I know because I've founded such companies. I'm a HW guy with device physics, circuits and similar training with software added on. We had to bootstrap hard and then only ever got funding from foreign companies or non-California investors. My last startup was bought by a Taiwanese company.

So I'm dubious and I also know well that the US no longer has the professional ecosystem to support semiconductor HW plays - the US literally needs to start from scratch (like it's 1950-1960) because it's already pissed away everything that would allowed a quick and cheap re-entry. Honestly the better investment is to so other things like follow where the money went (e.g. like my last company).

People grandiosely wanting this don't even know what the right questions are anymore. You would have had to have "gone to Asia" (like I did) to keep up.

The best hope right now is TSMC in Phoenix and Samsung's planned expansion (location still TBD but it's between Phoenix, Austin and Malta apparently) plus GFs Malta expansion. Most importantly: Silicon Valley will never rise again in this market.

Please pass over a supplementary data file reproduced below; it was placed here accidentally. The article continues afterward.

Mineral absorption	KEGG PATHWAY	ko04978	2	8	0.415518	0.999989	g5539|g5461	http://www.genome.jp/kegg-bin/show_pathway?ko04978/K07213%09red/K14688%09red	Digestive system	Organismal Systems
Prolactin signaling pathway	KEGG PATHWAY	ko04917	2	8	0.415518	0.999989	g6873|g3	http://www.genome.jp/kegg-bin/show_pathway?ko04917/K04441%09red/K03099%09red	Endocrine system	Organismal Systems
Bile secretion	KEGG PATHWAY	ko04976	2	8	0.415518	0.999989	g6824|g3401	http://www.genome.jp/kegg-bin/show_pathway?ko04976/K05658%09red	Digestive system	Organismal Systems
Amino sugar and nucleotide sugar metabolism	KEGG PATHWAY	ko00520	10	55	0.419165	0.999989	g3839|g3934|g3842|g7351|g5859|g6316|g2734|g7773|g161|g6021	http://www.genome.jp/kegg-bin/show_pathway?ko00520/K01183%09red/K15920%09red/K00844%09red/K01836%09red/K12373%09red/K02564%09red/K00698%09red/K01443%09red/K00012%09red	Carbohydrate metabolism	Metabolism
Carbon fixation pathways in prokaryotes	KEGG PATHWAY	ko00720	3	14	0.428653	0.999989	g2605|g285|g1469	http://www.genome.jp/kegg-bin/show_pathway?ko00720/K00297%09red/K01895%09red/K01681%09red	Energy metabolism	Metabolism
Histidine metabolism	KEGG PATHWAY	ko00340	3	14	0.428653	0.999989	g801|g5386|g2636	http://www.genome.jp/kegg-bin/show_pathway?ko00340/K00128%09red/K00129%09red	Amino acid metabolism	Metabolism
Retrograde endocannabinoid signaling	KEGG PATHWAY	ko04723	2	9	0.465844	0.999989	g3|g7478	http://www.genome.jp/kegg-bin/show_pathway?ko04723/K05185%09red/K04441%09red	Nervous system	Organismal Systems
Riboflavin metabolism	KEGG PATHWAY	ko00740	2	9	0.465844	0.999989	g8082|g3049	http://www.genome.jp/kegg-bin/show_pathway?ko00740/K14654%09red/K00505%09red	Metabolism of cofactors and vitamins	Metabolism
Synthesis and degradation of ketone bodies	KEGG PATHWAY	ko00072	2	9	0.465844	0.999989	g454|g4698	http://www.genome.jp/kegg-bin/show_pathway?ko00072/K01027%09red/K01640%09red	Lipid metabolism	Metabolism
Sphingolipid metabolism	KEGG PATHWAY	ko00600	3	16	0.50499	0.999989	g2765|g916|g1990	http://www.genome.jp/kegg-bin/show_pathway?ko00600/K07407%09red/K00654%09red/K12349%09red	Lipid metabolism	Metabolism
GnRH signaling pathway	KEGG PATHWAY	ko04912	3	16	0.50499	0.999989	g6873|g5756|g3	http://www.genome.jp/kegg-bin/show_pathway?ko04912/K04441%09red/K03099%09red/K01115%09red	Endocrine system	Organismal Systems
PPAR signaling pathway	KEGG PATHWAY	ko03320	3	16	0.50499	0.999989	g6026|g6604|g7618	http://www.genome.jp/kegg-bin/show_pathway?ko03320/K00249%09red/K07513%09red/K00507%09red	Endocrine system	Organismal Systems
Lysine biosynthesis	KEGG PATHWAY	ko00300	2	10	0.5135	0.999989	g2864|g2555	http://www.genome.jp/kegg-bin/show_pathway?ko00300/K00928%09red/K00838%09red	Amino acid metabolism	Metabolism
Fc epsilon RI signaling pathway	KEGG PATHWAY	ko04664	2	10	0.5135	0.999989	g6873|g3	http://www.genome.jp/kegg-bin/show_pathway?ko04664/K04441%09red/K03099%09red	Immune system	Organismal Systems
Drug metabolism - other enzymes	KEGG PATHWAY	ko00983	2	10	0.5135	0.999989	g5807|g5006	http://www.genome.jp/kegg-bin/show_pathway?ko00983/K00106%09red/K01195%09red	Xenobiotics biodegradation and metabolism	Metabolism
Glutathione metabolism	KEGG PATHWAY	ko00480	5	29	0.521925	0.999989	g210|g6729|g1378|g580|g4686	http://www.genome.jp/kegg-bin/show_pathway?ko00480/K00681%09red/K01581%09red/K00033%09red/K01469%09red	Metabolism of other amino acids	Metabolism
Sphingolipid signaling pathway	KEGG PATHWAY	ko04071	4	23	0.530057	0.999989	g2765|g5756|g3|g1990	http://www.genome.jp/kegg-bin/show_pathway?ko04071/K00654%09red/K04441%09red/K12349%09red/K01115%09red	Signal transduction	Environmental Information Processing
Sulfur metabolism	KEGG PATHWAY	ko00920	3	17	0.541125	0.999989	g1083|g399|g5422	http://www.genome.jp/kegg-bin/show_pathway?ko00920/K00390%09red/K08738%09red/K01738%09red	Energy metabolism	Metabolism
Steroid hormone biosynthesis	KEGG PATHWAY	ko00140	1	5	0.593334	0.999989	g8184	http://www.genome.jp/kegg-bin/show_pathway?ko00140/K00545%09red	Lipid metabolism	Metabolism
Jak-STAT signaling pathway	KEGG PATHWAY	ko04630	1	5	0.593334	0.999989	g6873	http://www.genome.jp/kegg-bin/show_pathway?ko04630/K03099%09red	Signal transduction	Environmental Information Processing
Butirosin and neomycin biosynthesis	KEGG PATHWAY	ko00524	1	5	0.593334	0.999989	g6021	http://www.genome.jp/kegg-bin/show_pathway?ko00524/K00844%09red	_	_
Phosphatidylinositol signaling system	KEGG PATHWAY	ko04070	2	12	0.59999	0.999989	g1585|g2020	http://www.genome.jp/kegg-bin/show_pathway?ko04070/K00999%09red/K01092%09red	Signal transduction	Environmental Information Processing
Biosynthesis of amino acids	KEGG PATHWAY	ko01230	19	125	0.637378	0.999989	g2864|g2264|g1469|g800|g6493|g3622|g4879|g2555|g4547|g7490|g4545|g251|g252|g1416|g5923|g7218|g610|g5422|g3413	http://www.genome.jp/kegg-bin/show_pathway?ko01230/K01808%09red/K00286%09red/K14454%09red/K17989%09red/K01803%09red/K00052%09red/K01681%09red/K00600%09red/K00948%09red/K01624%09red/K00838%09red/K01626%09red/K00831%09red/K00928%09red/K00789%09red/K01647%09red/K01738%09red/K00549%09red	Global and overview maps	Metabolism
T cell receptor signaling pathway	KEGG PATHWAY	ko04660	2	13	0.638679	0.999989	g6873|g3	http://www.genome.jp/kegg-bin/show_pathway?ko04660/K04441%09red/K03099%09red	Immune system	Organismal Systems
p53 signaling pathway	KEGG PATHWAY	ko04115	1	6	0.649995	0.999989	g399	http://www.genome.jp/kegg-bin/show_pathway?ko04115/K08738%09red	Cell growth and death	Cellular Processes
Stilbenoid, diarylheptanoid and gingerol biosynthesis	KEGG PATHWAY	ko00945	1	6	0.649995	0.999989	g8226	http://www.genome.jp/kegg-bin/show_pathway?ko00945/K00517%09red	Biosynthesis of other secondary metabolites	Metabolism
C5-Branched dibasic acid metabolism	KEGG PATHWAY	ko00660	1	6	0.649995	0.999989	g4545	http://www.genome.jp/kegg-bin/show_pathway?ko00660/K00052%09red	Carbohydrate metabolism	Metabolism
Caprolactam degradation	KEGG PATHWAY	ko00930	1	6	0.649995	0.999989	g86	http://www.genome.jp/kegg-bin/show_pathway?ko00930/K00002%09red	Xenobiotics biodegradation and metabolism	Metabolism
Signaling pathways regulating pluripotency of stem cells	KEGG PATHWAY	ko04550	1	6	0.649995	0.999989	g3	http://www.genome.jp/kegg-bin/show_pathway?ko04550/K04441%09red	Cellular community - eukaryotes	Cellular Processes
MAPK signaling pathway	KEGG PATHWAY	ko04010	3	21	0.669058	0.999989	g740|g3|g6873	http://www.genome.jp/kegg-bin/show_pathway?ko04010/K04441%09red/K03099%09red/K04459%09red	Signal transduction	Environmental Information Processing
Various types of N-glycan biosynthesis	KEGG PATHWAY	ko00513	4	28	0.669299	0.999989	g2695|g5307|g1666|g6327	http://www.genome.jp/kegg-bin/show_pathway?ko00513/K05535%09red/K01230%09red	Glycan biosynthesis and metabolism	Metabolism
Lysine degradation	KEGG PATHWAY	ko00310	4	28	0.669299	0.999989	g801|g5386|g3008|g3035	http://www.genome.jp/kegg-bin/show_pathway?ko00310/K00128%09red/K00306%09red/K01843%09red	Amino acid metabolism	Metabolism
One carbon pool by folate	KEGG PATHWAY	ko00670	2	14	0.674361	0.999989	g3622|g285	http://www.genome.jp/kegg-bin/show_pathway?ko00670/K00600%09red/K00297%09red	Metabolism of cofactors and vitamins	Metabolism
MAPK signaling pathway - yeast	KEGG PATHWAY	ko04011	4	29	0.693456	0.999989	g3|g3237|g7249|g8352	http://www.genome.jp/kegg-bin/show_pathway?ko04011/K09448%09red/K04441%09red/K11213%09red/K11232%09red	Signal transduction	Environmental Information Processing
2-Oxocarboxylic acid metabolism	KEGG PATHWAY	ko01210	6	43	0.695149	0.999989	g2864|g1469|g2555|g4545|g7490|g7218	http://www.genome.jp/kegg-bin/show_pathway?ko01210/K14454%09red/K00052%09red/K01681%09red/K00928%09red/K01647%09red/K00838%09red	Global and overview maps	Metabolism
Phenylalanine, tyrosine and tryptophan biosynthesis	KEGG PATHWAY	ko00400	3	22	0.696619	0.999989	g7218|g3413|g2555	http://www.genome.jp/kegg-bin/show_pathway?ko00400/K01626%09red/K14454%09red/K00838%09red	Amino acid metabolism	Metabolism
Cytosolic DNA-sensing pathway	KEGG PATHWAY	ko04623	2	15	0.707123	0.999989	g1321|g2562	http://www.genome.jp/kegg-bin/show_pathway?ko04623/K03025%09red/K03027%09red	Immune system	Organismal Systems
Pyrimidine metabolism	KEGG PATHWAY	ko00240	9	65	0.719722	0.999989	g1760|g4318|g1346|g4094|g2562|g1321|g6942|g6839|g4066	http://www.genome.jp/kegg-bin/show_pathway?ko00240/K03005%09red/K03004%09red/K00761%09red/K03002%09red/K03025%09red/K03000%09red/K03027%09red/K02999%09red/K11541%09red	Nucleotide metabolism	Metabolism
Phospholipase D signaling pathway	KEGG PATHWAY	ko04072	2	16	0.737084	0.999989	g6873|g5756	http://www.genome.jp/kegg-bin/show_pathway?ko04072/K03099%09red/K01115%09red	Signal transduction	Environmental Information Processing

Can somebody more experienced than me chime in and say whether Bizen [1] could be worked to be a viable alernative to CMOS at least in some niches? While CMOS has accumulated decades of improvement, much of it wrt. lithography would be transferred.

[1] https://www.wafertrain.com/index.php/theprocess/what-is-bize...

This would be really great, I think innovations with GaN transistors could be something that startups could tackle and I would love to hear more about it!

But fab is extremely capital intensive and complex to setup, I don’t think this is the realm of startups anymore.

Take the story of Bethleham Steel. Unassailable entrenched incumbent in steel production due to high capital costs.

Then a completely new way of steel production came about. Nothing iterative about it, a completely different set up that came with its downsides but had better economies of scale.